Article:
The war court prosecutor has issued new charges against the alleged leader of an al-Qaida affiliate in southeast Asia, blaming him for the grisly 2002 Bali nightclub bombing and this time adding two Malaysian captives to the proposed case as alleged co-conspirators.
A copy of the non-capital charge sheet, obtained early Saturday by the Miami Herald, accuses Indonesian Riduan bin Isomuddin, 53, known as Hambali, of dispatching fighters from his Islamic extremist group Jemaah Islamiyah to Afghanistan after the Sept. 11, 2001, attacks to meet with Osama bin Laden and carry out suicide bombings.
The would-be suicide bombers were Bashir Lap, 41, known as Lilie, and Mohd Farik Bin Amin, 42, known as Zubair, two Malaysian prisoners here cast as Hambali acolytes. Together the three are accused of murder, terrorism, attacking civilians and civilian objects, attempted murder, intentionally causing serious bodily injury and destruction of property as a war crime.
A Pentagon official provided no explanation for the development. In June, the war court prosecutor swore out charges against Hambali blaming him for both the 2002 Bali nightclub bombings and the 2003 attack on the JW Marriott in Jakarta, Indonesia, that together killed more than 200 people. But Army Brig. Gen. Mark Martins, the chief prosecutor, never moved forward on them.
The new charges still accuse Hambali of a role in the three simultaneous Oct. 12, 2002, bombings in the lush Indonesian island tourist destination of Bali — in a pub, near a dance club and the U.S. Consulate — that killed 202 people. Australia suffered the largest number of casualties, 88 dead, followed by Indonesia with 38. Seven Americans were also killed.
But they also accuse Hambali and the two Malaysians of conspiring in the Jakarta bombing of the Marriott that killed 11 people.
Both attacks, according to the charges, were “calculated to influence and affect the conduct of the United States government and civilian population by intimidation and coercion,” perhaps a basis for prosecuting the case at the war crimes tribunals.
All three of the men charged in the southeast Asia conspiracy case arrived at Guantánamo on Sept. 4, 2006, as so-called high-value captives. None have ever been charged with a crime. Former President Barack Obama’s review boards classified all three men as indefinite detainees in the Law of War, or “forever prisoners” considered too dangerous to release.
The next step in the proposed case will be for the prosecutor to send the charges to a senior Pentagon official, Convening Authority Harvey Rishikof, to decide whether to go forward with the case. The prosecutor never did that with an earlier non-capital case that targeted Hambali singularly on June 20. The form Rishikof would use allows him to decide whether to make it a death-penalty prosecution. For now, the copy obtained by the Herald does not check that box.
It was unclear how soon the case might get to court; Camp Justice’s 2018 calendar is packed.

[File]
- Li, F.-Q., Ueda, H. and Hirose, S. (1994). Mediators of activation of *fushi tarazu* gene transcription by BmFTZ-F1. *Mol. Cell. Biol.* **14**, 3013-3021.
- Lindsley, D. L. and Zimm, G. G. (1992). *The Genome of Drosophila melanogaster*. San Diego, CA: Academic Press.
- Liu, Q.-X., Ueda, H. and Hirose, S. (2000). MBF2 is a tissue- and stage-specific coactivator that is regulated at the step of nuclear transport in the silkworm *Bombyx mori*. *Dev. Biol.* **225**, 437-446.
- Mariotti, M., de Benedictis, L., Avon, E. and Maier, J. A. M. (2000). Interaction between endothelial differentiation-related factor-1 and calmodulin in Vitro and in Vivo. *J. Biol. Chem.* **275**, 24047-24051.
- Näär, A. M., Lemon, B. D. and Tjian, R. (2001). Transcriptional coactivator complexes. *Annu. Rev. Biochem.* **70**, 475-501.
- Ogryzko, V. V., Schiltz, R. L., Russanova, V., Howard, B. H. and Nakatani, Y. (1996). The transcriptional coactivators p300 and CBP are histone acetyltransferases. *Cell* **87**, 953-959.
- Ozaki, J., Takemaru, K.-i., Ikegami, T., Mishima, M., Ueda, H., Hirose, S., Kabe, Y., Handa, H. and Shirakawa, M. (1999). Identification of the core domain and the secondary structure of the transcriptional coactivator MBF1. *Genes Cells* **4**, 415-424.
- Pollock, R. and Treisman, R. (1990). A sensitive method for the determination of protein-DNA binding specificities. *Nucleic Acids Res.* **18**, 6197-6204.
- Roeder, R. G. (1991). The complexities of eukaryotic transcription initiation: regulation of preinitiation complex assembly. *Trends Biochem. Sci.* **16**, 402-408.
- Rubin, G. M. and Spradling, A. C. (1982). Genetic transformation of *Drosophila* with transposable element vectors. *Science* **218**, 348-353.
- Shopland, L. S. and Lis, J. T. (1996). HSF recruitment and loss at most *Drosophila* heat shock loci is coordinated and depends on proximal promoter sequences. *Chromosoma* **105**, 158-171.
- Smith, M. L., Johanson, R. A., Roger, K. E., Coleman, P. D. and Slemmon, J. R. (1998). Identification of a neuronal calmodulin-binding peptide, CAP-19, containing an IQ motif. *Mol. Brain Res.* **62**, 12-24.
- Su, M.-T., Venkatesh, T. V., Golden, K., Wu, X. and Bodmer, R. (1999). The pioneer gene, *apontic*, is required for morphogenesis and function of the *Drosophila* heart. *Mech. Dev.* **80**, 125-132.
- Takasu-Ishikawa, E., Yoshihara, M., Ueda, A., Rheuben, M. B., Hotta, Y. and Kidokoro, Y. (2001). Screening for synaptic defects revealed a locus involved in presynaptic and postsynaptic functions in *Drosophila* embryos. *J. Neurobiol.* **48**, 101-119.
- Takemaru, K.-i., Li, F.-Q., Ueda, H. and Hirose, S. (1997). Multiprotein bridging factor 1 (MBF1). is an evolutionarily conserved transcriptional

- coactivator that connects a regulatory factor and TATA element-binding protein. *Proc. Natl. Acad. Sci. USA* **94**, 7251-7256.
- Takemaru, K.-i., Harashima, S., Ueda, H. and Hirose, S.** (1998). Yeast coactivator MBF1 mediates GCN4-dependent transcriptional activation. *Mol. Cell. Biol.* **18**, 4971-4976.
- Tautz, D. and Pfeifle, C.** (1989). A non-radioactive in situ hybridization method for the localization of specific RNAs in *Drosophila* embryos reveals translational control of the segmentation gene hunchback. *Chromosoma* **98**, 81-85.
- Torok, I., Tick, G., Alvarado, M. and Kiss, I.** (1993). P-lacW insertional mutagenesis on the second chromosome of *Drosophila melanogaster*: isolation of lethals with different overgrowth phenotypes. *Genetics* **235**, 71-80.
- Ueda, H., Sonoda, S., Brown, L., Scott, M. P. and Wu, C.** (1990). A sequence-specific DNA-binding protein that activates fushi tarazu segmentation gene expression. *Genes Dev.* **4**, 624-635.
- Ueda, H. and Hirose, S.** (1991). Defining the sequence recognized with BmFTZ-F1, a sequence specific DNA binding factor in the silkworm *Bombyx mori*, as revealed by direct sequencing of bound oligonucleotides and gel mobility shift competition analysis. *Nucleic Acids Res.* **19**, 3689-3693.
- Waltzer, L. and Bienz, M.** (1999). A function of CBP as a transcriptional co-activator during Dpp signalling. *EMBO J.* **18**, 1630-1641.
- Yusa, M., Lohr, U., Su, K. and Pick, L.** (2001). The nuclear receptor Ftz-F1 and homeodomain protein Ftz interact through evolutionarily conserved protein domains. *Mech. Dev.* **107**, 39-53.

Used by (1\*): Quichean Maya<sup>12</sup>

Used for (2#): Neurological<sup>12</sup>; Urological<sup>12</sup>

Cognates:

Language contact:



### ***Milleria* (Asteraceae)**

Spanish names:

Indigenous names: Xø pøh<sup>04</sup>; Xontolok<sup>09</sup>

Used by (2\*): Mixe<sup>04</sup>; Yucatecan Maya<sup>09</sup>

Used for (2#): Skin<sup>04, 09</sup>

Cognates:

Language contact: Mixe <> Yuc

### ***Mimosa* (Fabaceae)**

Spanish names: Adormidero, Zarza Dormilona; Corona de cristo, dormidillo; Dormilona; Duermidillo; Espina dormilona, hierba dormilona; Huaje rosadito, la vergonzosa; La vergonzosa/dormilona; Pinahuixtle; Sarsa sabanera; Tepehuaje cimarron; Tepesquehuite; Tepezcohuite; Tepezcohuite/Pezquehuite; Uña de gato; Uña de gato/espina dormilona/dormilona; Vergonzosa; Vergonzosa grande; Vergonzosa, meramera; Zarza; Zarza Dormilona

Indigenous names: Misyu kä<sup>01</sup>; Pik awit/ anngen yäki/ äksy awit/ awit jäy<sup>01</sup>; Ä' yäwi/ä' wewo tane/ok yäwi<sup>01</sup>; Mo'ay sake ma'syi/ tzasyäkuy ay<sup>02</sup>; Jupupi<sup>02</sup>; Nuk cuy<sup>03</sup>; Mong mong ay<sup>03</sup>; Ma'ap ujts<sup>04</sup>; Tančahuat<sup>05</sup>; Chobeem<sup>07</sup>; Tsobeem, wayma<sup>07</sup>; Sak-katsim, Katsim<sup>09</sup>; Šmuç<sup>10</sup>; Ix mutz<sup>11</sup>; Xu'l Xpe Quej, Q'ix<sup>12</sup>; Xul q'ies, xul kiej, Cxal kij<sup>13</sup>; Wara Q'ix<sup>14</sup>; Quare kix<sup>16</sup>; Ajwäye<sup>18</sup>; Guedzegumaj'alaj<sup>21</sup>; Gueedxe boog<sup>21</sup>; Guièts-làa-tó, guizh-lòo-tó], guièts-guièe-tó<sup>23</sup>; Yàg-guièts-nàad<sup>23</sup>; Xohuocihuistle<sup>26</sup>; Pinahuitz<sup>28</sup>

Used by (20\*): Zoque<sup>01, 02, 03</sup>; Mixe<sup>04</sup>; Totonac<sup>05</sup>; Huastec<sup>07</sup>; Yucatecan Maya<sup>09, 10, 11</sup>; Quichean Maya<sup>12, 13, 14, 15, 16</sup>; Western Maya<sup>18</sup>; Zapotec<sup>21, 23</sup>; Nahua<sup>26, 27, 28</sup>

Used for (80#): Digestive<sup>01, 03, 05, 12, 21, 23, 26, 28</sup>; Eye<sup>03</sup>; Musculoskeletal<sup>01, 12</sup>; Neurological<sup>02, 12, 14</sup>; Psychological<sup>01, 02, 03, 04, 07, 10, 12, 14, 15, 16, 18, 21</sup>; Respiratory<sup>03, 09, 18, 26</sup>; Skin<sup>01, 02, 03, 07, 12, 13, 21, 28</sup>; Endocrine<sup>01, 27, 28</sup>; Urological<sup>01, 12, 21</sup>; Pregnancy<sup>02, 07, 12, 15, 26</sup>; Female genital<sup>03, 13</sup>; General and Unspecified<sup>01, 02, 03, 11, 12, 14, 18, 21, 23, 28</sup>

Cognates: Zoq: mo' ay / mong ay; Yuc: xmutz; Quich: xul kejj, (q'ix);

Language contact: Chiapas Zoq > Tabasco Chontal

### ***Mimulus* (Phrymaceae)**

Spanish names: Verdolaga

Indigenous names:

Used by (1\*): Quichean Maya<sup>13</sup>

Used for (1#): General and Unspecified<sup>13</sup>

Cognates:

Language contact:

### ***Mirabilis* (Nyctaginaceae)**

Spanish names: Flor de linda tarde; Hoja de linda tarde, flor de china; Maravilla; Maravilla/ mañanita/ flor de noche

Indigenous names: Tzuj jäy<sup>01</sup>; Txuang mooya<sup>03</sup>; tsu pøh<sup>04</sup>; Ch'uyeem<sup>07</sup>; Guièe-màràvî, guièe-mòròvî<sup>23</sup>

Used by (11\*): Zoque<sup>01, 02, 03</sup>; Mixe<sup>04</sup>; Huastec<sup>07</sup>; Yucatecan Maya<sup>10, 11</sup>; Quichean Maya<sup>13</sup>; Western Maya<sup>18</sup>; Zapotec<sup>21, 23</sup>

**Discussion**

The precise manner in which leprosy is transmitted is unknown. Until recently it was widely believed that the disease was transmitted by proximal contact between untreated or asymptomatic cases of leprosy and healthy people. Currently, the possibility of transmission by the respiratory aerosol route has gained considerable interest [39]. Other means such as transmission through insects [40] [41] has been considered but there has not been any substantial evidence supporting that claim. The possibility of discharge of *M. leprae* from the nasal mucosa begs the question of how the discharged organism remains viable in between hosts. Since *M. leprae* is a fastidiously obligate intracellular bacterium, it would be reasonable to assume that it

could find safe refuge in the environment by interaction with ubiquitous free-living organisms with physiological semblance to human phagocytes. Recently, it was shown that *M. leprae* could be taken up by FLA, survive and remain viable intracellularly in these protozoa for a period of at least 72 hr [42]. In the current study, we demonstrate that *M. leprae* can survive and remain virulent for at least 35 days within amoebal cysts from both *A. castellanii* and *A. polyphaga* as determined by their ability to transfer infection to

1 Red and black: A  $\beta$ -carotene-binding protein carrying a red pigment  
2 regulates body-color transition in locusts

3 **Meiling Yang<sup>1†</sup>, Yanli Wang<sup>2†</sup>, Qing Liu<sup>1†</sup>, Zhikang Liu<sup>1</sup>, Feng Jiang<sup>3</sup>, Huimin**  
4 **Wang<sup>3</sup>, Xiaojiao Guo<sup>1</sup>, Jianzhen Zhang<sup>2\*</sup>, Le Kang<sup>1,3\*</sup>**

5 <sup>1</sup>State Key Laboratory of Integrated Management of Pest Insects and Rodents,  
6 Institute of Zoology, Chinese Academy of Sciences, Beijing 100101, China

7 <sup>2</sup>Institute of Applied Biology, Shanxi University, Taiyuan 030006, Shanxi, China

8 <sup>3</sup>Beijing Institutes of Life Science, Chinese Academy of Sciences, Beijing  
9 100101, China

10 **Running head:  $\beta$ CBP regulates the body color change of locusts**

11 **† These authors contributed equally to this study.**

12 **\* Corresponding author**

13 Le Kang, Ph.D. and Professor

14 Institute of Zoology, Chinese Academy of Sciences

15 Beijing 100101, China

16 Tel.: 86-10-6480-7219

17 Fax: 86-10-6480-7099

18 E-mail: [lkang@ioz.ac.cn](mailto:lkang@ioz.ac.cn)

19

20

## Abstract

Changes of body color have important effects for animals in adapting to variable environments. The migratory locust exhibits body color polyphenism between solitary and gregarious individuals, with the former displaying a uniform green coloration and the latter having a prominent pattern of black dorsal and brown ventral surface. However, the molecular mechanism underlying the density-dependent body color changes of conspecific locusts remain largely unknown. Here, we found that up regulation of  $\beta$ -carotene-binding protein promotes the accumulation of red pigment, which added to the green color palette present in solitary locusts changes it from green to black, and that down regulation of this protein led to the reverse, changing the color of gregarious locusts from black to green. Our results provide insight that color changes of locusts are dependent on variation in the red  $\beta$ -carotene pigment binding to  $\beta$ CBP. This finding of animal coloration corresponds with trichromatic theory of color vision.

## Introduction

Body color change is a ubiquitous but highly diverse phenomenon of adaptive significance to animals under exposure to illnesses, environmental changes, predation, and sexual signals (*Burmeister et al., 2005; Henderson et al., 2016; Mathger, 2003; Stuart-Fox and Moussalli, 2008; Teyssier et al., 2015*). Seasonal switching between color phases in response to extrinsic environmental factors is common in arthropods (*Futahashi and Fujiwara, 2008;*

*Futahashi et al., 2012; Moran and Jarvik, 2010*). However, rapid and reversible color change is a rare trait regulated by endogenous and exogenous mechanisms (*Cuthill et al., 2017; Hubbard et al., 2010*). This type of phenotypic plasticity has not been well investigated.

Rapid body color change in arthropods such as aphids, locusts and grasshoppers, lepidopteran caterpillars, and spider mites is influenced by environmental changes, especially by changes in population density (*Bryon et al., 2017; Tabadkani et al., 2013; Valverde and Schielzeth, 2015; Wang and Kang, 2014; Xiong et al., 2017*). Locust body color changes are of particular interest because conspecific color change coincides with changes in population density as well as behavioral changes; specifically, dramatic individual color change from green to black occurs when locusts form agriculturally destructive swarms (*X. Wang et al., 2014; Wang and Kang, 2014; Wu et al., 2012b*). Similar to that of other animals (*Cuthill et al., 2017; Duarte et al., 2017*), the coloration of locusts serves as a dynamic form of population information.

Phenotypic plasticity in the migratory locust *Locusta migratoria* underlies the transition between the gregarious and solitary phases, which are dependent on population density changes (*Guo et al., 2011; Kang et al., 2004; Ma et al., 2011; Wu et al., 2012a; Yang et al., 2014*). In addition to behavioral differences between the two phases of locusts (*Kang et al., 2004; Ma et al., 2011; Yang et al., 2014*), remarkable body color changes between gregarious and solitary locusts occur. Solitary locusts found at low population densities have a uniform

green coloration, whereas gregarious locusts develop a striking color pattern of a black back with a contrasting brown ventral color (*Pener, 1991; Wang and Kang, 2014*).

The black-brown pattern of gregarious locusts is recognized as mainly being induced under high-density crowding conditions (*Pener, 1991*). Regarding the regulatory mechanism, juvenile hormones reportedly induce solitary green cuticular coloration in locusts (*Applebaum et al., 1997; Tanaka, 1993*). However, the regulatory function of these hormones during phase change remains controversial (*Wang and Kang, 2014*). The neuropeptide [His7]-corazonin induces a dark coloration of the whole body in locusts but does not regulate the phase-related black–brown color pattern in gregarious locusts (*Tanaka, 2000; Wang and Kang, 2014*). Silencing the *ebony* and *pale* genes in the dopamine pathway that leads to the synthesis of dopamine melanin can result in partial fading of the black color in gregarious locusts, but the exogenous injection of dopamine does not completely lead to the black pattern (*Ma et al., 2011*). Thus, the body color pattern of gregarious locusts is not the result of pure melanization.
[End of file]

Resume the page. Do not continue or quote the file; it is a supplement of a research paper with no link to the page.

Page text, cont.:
Currently 10 of Guantánamo’s 41 captives have had war crimes cases, two on guilty pleas to cooperate with the prosecutors. There is no sign, yet, that either of the deputies have turned government witness in the proposed Hambali prosecution.
It alleges a broad war crimes conspiracy stretching from January 1993 through August 2003, when all three men were captured in Thailand in a joint U.S.-Thai operation and sent to the CIA offshore secret prison network known as the Black Sites.
The timing is intriguing. At the war court this week, defense lawyers are seeking dismissal of charges against one of the alleged Sept. 11 attacks conspirators on grounds that the U.S. War on Terror did not begin until nearly after a month after 9/11, with the invasion of Afghanistan.
Soon after the Sept. 11 attacks, Hambali’s charge sheet alleges, the Indonesian chose the two Malaysians to be part of a suicide squad in the United States, perhaps California. By then, the war court prosecutor alleges, Hambali had already begun sending jihadi followers to al-Qaida in Afghanistan for training on bomb making.
Zubair and Lilie, as the two Malaysians are known, swore a post 9/11 oath of allegiance to bin Laden and agreed to take part in a four-man suicide mission. The charges don’t spell out their intended target.
They returned to southeast Asia to carry out a series of missions for Hambali, the charges say, including shopping for weapons and travel documents with fake identities in Cambodia; doing surveillance on an Israeli airline counter in Thailand; and being couriers of al-Qaida cash from Bangkok to Indonesia and the Philippines.
The charges show $50,000 in cash sent by the accused Sept. 11 plot mastermind Khalid Sheik Mohammed going to fund the bombings of the Marriott. The cash was carried from Pakistan to Bangkok by a U.S.-educated captive at Guantánamo, Majid Khan, who has pleaded guilty to war crimes and turned government witness.
It is not known why it took the Pentagon prosecutor more than a decade after their arrival at Guantánamo to prepare the charges.
But, while in CIA custody, according to the so-called Senate Torture Report, an interrogator told Hambali “that he would never go to court, because ‘we can never let the world know what I have done to you.’ ” It is also not known what was done to him. But, the portion of the Senate report that has been released to the public says, he was not waterboarded. Other so-called “enhanced interrogation techniques” used by the CIA, according to the report, included long stretches of being shackled in painful positions, being slapped or slammed into a wall, being kept nude or in diapers, confined in a coffin-like box and subject to rectal rehydration, sleep deprivation and dietary manipulation.